Not to make too finer a point of Wickremesinghe’s reference to the presence of two heads of state-run media organisations present, one might ask what happened to the other heads that were missing? The state-run media institutions are Lake House, Rupavahini, SLBC, ITN and Lankapuwath. There may be other divisions and sub divisions too seeing how institutions separate and multiply like amoeba.
Does Prime Minister Wickremesinghe include the absent heads of state-institutions in the category of those with little or no interest in media freedom or the safety of journalists?
Apart from the long-winded subject that might have kept journalists away from the opening session only to appear at the panel discussions which are more fruitful, another reason for their absence may well be to avoid the haranguing that the media is often subjected to by the prime minister be it in parliament or outside.
It might be recalled that weeks earlier some journalists were embarrassed by Wickremesinghe at a press conference because their news organisations had supposedly concocted a story about the Maha Nayake Thera of Malwatte rejecting some proposed constitutional changes.
Admittedly, everybody – prime minister or pauper – has the right to challenge false news and denounce the media for deliberately misleading the people if they had done so.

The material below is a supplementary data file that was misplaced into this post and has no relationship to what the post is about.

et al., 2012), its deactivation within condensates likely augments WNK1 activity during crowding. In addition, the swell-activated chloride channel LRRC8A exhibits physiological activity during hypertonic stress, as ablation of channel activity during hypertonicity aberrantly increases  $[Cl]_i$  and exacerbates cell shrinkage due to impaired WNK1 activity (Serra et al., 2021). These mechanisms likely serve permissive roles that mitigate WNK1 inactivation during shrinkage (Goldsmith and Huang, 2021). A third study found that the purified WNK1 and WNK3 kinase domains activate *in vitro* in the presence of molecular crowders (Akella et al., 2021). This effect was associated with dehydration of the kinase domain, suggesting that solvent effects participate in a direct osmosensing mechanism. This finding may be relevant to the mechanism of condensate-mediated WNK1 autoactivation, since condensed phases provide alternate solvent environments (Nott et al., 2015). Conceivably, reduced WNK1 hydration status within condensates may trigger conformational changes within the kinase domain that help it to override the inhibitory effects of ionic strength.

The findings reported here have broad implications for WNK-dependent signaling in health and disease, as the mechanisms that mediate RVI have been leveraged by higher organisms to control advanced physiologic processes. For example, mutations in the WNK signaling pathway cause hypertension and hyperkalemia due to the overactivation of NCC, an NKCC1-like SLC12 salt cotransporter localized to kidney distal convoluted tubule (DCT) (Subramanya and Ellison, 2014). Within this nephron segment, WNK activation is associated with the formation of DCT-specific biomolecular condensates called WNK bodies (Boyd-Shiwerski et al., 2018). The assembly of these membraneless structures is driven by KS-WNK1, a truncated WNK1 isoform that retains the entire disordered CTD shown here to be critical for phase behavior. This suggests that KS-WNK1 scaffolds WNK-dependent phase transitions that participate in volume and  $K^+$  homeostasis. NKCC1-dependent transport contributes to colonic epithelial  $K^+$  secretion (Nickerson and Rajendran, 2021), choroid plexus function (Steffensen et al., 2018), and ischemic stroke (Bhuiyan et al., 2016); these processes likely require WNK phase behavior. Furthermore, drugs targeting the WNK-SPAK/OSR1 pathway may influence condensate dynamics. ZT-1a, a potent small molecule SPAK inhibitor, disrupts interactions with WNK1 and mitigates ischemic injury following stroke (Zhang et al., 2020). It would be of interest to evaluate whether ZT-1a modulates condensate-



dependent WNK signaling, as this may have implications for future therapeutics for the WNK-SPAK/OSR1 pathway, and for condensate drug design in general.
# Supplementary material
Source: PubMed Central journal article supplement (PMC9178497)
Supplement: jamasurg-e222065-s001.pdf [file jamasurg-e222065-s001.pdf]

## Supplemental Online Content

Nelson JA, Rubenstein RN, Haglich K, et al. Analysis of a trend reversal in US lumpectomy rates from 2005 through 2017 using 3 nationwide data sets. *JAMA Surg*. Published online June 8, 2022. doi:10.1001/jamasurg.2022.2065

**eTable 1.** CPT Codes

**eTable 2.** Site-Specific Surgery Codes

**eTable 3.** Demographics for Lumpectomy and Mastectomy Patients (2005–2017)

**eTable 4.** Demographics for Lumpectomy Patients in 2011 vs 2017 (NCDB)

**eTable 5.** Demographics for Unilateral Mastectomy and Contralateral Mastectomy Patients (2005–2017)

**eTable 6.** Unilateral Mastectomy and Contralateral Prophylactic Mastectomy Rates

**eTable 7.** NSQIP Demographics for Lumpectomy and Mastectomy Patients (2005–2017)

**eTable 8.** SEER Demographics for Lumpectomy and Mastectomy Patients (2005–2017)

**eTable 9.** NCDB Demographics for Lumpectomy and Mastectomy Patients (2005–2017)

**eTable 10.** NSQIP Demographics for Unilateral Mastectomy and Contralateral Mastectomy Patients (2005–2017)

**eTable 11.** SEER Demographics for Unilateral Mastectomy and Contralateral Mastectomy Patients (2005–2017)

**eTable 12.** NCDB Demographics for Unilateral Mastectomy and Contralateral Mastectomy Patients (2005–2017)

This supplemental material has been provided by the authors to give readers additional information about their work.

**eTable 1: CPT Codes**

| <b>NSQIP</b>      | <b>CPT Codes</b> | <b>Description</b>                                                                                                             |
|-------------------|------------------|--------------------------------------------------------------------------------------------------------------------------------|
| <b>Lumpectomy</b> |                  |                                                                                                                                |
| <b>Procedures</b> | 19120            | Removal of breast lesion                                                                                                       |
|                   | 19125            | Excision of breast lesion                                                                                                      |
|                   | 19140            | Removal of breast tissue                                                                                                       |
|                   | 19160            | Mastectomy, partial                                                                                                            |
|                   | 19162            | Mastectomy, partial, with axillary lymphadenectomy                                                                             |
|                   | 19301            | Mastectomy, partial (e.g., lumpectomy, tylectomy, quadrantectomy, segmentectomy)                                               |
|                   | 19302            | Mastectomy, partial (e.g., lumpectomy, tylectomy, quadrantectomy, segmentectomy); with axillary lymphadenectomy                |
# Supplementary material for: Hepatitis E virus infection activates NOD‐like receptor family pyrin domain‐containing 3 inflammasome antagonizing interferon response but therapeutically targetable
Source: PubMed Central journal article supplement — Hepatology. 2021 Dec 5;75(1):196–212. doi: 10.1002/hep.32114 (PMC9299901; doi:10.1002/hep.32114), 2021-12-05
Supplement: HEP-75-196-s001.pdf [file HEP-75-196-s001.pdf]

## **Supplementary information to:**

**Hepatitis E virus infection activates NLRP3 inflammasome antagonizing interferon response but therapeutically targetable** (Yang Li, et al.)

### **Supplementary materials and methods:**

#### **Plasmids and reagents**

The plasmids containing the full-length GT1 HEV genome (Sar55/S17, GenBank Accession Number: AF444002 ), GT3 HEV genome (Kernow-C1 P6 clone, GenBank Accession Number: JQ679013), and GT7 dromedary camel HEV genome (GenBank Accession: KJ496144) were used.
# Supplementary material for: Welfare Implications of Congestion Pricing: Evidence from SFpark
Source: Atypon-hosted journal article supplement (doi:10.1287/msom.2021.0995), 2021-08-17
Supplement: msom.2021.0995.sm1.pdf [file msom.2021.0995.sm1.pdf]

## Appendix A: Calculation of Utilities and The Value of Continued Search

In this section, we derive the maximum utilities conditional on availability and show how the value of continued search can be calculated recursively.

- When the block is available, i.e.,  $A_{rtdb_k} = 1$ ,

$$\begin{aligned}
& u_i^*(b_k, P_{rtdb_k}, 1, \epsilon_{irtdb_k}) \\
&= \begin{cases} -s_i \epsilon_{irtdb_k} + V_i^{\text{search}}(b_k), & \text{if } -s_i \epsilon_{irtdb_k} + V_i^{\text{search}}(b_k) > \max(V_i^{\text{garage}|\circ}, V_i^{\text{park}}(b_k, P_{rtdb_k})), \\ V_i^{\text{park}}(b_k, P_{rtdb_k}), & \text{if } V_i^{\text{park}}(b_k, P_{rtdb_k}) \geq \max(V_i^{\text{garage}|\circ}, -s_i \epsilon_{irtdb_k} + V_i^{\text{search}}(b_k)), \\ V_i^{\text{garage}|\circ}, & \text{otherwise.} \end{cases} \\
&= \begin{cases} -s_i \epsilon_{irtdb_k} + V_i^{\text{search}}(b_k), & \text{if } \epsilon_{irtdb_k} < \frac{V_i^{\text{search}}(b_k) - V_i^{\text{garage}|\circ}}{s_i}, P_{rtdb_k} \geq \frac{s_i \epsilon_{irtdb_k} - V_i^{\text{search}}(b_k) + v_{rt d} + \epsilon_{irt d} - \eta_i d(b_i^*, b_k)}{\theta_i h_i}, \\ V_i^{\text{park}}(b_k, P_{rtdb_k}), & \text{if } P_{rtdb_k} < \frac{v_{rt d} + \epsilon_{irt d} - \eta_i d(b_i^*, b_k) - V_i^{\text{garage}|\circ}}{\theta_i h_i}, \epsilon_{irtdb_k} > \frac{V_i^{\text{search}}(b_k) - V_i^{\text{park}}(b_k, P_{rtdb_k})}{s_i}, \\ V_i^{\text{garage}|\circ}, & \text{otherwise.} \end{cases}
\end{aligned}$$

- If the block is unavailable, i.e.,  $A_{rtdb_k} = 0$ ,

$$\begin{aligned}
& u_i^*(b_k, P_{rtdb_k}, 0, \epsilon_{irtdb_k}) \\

“Right of reply”
It is for this reason and to maintain the professional integrity of the established media and check the damage being done to professional media outlets that some years back the Editors’ Guild provided readers with a “right of reply” so that errors-deliberate or otherwise – might be corrected and apologies, where necessary, offered.
I dare say that Ranil Wickremesinghe has a case when he accuses some media of false or distorted reporting. But he is wrong when he implies that press freedom does not extend to attacking the government in office or supporting an opposition that sections of the media wish to return to power.
It is the attempt of some media to support the Rajapaksa clan and bring them to power that appears to get the prime minister’s goat. Freedom of the media is not divisible to pieces that suit one and to reject others that do not.
If one opens the doors to press freedom and exalts that virtuous deed one needs to accept the good, the bad and the ugly. That comes with the territory. If a government makes press freedom its policy, then it also accepts the right of the media to support whoever it likes and criticise whoever fails to fulfill the promises made especially at election time.